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As previously mentioned, the build and design is almost identical to the S110, although the top plate now features a shinier material, giving it an even more premium feel.
The S120 feels reassuringly weighty despite its small size, with the sleek black exterior giving it a classy air.
On top of the camera is a mode dial for quickly switching between the different exposure modes available, including fully automatic, scene, digital filters, semi-automatic (shutter priority and aperture priority) and fully manual. Unlike on the G16, there's no dial up top for changing exposure compensation.
The well-liked control ring around the lens reappears here on the S120. This is such a popular feature of the camera that we've since seen very similar controls appearing on other cameras in the premium compact territory. The ring can be customised to control different settings, depending on what you prefer to use most often. Traditionalists may like to set it to control aperture.
If you choose to use the control ring for something else, such as sensitivity, then you can use the scrolling dial on the back of the camera to control aperture or shutter speed, depending on the mode that you're shooting in.
On the back of the camera the layout remains the same as its predecessor, with a fairly typical array of buttons, including a dial for navigating through the menu and changing key settings. Exposure compensation needs to be controlled from the back of the camera, so unlike the G16, there's no dedicated ISO button.
As with many other Canon compacts, the scrolling dial doubles up as a four way navigational pad, with each of the four directions acting as a shortcut to various settings.
Pushing the left directional button enables you to toggle between focusing modes, such as macro and manual focusing. Pushing the right button displays different flash options, while the downwards button controls the settings which are displayed on the screen. The up button has two functions, acting as the exposure compensation button when in shooting mode or as the Wi-Fi button when in playback mode.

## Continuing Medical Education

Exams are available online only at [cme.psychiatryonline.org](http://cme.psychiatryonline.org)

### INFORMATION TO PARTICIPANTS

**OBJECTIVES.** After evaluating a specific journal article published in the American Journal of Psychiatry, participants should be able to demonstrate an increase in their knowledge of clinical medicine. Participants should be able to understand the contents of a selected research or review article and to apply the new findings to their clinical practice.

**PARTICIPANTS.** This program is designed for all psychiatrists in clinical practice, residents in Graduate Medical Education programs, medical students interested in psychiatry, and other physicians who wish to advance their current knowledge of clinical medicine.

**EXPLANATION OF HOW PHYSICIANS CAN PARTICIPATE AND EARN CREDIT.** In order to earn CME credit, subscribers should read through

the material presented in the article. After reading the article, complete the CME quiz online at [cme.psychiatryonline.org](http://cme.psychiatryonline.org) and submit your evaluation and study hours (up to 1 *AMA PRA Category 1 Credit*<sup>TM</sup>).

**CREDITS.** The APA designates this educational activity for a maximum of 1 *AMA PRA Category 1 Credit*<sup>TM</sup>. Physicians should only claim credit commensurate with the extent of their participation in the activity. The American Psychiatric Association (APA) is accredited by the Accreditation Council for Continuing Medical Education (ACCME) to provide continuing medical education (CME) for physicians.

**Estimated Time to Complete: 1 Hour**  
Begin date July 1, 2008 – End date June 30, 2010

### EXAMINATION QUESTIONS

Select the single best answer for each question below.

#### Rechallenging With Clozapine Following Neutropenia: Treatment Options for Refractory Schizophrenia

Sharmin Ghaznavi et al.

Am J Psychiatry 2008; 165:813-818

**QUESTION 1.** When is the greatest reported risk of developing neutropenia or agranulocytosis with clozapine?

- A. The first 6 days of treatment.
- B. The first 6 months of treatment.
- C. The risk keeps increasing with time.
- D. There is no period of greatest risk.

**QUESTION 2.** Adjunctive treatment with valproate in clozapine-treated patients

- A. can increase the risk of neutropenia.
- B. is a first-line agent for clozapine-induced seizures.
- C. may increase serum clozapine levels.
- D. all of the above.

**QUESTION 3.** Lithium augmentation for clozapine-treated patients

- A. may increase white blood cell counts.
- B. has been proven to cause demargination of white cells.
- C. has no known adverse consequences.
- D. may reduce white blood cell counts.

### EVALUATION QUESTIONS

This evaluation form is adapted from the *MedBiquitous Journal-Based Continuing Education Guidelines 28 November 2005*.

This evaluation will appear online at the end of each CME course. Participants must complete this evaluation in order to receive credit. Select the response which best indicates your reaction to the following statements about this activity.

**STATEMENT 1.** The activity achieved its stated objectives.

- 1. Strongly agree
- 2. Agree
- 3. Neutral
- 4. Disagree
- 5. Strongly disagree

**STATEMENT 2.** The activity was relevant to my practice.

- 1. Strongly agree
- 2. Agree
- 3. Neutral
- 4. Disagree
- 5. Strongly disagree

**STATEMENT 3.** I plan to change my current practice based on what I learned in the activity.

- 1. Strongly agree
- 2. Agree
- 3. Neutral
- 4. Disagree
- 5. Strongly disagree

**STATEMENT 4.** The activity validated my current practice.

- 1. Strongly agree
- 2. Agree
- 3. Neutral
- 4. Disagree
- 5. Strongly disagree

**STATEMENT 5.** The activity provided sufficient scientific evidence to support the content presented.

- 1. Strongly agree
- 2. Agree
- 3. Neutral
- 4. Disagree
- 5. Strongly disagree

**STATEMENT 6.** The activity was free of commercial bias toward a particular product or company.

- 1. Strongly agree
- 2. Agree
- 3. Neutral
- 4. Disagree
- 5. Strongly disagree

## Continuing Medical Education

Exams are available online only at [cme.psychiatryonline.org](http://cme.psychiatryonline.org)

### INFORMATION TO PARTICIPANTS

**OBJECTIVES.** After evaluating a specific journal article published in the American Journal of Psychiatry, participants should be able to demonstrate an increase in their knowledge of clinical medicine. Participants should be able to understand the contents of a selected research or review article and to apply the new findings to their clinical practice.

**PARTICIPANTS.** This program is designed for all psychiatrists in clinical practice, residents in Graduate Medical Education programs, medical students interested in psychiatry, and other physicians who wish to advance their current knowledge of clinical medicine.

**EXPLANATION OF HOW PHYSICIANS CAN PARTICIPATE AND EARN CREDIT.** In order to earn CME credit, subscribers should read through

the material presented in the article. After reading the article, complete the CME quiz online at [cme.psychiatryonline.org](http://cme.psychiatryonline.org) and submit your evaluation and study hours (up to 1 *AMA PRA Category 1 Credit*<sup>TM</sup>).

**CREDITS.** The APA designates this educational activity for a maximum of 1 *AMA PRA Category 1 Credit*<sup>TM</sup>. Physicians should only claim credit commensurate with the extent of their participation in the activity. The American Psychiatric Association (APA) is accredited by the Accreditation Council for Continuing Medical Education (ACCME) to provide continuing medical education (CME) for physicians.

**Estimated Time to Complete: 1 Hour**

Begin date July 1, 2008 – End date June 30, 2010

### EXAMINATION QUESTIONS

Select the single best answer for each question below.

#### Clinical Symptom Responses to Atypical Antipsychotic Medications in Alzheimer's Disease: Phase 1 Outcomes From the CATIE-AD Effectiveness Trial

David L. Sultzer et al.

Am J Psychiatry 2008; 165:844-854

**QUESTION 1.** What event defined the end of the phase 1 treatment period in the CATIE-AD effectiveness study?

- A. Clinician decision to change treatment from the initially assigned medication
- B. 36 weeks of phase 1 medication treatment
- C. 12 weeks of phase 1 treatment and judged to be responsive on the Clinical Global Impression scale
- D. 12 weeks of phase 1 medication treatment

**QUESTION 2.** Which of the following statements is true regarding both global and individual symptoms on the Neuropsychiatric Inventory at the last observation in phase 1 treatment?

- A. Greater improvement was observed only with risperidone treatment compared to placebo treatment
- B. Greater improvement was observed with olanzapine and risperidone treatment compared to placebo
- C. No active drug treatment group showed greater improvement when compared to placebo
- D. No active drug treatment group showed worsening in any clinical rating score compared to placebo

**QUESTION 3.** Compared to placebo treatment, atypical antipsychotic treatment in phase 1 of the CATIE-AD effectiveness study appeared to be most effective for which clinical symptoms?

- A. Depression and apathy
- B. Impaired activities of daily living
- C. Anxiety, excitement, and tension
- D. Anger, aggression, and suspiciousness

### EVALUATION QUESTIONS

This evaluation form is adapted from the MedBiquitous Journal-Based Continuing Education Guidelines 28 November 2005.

In order to access other commonly used settings, such as sensitivity, timer mode and metering, a sort of quick menu can be accessed by pushing the function button in the middle of the scrolling dial. You'll need to push the function button again to get rid of the menu once you're ready to shoot, rather than just half pressing the shutter button, which seems a little unintuitive.
Wi-Fi can only be accessed when playing back an image, as it's used to share pictures to social networking or with other devices. It's a shame that you can't use Wi-Fi to remote control the camera, as you can with other cameras from other manufacturers. If you want to share directly to sites such as Facebook then you will need to register with Canon Image Gateway on a computer and set up access this way. It's a little annoying having to do this separately, but once it's done it then becomes pretty quick and simple to share your shots.
If you don't have access to a Wi-Fi connection, you can also send images across to your smartphone or tablet. Again, this requires a first-time set-up, but once it's done, it's pretty easy to use. The free Canon CW app (available for iOS and Android) is very simple and easy to use, if a little basic. You can also use the app to add GPS locations to your images if you want to plot them on a map.
Anybody used to making their way through Canon's menu system will be at home here, it's a fairly straightforward affair. As pressing the central Function button brings up a sort of quick menu, the main menu is mainly reserved for altering things such as the date and time.
Amy has been writing about cameras, photography and associated tech since 2009. Amy was once part of the photography testing team for Future Publishing working across TechRadar, Digital Camera, PhotoPlus, N Photo and Photography Week. For her photography, she has won awards and has been exhibited. She often partakes in unusual projects - including one intense year where she used a different camera every single day. Amy is currently the Features Editor at Amateur Photographer magazine, and in her increasingly little spare time works across a number of high-profile publications including Wired, Stuff, Digital Camera World, Expert Reviews, and just a little off-tangent, PetsRadar.